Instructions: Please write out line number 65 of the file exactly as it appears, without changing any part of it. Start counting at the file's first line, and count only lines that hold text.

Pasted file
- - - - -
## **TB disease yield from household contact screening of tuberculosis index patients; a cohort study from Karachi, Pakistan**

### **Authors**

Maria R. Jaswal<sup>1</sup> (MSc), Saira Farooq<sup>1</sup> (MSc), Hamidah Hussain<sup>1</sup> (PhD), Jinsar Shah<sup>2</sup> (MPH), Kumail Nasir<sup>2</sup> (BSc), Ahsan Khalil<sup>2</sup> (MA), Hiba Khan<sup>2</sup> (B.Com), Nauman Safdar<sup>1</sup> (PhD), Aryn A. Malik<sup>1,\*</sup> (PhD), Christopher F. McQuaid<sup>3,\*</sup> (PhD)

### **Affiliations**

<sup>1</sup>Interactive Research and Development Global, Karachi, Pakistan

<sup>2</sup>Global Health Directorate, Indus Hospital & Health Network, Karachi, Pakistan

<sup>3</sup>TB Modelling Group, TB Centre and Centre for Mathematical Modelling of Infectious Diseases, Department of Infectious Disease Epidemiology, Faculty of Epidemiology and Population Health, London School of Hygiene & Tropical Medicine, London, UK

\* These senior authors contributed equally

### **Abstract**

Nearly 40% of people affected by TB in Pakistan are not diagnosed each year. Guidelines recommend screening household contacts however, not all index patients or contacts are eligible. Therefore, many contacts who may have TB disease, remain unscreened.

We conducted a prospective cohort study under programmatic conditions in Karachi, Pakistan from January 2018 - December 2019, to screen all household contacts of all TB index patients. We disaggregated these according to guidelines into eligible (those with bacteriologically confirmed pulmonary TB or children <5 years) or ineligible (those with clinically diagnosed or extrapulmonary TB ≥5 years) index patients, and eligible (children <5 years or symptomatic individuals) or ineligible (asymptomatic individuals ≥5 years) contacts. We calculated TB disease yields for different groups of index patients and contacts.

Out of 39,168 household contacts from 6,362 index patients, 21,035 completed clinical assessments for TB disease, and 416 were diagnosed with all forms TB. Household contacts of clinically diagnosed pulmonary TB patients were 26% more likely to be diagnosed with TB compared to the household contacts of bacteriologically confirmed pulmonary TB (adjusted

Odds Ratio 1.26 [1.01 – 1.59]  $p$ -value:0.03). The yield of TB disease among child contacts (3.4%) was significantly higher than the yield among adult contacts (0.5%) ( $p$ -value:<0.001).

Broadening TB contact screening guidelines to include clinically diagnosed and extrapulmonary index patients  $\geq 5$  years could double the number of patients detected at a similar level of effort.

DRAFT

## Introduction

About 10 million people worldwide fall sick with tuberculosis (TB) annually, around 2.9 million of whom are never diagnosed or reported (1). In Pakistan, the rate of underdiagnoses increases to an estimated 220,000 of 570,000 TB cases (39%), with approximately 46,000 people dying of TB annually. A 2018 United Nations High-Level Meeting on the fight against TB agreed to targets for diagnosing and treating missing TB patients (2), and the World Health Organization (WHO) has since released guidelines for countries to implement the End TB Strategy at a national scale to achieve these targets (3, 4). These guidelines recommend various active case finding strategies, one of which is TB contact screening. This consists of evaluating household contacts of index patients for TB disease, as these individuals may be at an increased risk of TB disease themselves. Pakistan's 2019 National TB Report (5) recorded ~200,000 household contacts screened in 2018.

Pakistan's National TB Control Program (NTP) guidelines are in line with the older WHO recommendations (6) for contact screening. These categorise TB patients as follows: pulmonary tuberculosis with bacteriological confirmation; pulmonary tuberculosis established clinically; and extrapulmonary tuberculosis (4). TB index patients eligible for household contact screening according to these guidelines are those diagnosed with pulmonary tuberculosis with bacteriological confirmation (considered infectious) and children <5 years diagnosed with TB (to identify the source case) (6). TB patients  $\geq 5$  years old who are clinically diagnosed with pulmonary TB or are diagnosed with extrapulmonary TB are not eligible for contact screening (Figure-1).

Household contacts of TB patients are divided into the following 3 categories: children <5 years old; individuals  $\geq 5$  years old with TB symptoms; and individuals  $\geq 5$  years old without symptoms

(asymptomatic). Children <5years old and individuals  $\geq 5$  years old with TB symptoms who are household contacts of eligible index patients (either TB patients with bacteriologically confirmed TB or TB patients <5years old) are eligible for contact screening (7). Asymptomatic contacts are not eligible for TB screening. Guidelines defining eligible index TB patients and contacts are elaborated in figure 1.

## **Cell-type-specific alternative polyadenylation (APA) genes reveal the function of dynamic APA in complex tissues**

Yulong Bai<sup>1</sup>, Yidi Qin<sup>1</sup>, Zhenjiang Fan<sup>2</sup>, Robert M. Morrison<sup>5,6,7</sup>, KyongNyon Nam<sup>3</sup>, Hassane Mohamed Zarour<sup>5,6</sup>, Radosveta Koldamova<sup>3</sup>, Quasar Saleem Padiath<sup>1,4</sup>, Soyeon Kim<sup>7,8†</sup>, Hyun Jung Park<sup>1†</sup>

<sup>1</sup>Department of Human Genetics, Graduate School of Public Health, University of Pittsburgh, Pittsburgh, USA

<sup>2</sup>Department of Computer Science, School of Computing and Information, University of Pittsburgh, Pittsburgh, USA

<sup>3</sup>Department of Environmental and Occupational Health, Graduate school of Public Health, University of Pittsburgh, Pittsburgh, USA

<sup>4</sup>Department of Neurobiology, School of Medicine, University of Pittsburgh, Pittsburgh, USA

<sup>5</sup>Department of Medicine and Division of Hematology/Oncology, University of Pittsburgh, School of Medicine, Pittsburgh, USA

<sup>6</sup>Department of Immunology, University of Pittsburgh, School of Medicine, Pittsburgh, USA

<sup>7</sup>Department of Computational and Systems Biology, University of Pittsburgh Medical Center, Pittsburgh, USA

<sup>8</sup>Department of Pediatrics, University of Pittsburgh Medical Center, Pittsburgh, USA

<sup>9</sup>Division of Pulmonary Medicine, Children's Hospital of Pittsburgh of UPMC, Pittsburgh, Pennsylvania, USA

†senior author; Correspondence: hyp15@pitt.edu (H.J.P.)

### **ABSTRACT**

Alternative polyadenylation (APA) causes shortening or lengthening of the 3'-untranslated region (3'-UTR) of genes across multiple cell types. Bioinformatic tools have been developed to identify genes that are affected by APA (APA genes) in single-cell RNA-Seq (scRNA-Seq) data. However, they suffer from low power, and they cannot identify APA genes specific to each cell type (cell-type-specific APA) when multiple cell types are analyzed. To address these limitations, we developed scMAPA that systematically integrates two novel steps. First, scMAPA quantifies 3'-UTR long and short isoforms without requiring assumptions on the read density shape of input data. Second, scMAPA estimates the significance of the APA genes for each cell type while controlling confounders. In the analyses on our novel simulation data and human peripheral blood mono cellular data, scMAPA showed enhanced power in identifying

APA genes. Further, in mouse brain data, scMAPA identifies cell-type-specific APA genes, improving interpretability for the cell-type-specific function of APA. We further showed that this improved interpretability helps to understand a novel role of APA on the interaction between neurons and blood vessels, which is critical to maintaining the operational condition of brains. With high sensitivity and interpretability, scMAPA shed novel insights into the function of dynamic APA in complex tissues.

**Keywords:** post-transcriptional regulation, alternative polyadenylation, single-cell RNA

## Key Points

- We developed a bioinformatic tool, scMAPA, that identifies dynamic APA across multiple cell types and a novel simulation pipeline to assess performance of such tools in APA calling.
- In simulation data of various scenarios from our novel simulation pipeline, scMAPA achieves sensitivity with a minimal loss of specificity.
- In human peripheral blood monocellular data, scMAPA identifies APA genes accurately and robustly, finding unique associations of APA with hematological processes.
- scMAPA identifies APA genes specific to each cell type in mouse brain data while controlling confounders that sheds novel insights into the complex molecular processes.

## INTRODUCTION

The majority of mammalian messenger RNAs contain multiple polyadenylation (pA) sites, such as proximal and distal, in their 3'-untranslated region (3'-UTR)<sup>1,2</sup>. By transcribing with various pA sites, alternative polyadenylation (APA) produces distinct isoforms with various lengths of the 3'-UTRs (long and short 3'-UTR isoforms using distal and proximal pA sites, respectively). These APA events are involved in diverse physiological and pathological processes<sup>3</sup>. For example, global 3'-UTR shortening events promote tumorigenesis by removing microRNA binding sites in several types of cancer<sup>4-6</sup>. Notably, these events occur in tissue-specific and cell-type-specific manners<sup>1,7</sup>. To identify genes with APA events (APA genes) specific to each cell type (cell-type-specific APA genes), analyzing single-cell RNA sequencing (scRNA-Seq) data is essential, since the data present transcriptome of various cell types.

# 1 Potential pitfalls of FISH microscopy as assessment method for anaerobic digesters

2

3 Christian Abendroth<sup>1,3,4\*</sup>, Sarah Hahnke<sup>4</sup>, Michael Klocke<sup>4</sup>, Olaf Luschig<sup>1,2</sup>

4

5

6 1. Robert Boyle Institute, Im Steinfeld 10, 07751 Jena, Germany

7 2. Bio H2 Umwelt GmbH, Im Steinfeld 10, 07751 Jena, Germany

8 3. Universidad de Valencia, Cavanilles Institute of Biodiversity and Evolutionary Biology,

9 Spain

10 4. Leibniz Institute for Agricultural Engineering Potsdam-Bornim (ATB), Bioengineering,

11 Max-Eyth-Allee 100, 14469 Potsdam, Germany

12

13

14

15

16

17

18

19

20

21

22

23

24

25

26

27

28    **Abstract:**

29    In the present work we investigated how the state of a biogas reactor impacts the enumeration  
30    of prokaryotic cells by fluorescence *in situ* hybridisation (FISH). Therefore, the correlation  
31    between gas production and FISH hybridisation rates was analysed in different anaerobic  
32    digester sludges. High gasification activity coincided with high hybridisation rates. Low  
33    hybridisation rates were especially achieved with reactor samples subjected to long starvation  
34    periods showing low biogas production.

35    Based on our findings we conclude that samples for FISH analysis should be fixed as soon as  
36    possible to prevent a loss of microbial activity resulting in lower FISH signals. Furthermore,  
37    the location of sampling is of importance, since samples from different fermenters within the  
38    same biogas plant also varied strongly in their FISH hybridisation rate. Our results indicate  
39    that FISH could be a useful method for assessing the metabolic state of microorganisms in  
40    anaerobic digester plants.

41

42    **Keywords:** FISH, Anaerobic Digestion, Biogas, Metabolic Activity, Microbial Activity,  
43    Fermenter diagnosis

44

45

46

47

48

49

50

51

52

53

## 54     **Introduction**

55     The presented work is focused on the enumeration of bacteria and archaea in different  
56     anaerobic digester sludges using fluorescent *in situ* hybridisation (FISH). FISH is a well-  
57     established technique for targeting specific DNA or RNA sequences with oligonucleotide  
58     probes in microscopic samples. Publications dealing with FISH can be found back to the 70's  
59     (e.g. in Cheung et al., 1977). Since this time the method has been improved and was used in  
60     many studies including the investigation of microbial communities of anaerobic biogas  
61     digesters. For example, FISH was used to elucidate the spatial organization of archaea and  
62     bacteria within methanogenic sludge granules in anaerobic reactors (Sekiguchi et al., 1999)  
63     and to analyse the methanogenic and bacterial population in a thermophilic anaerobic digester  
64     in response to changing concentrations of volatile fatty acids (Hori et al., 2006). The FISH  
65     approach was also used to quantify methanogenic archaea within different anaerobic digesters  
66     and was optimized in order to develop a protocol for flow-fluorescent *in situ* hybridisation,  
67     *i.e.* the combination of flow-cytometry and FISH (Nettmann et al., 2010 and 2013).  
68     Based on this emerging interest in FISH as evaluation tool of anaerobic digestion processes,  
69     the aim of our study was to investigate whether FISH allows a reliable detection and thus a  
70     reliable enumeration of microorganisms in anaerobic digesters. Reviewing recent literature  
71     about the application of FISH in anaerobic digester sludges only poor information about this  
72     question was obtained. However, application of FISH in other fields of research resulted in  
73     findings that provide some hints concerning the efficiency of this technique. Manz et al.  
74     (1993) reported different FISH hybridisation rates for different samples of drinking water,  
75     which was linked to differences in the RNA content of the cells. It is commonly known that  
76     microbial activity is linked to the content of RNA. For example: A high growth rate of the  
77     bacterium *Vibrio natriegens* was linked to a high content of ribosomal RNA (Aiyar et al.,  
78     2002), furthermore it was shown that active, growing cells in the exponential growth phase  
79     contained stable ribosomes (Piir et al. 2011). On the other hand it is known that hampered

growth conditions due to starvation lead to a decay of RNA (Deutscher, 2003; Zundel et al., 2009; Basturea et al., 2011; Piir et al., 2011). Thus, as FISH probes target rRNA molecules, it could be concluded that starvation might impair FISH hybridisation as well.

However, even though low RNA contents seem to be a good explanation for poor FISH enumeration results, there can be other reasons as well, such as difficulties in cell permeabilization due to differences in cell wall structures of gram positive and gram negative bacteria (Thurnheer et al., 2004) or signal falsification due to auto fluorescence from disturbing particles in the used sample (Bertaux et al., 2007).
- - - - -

22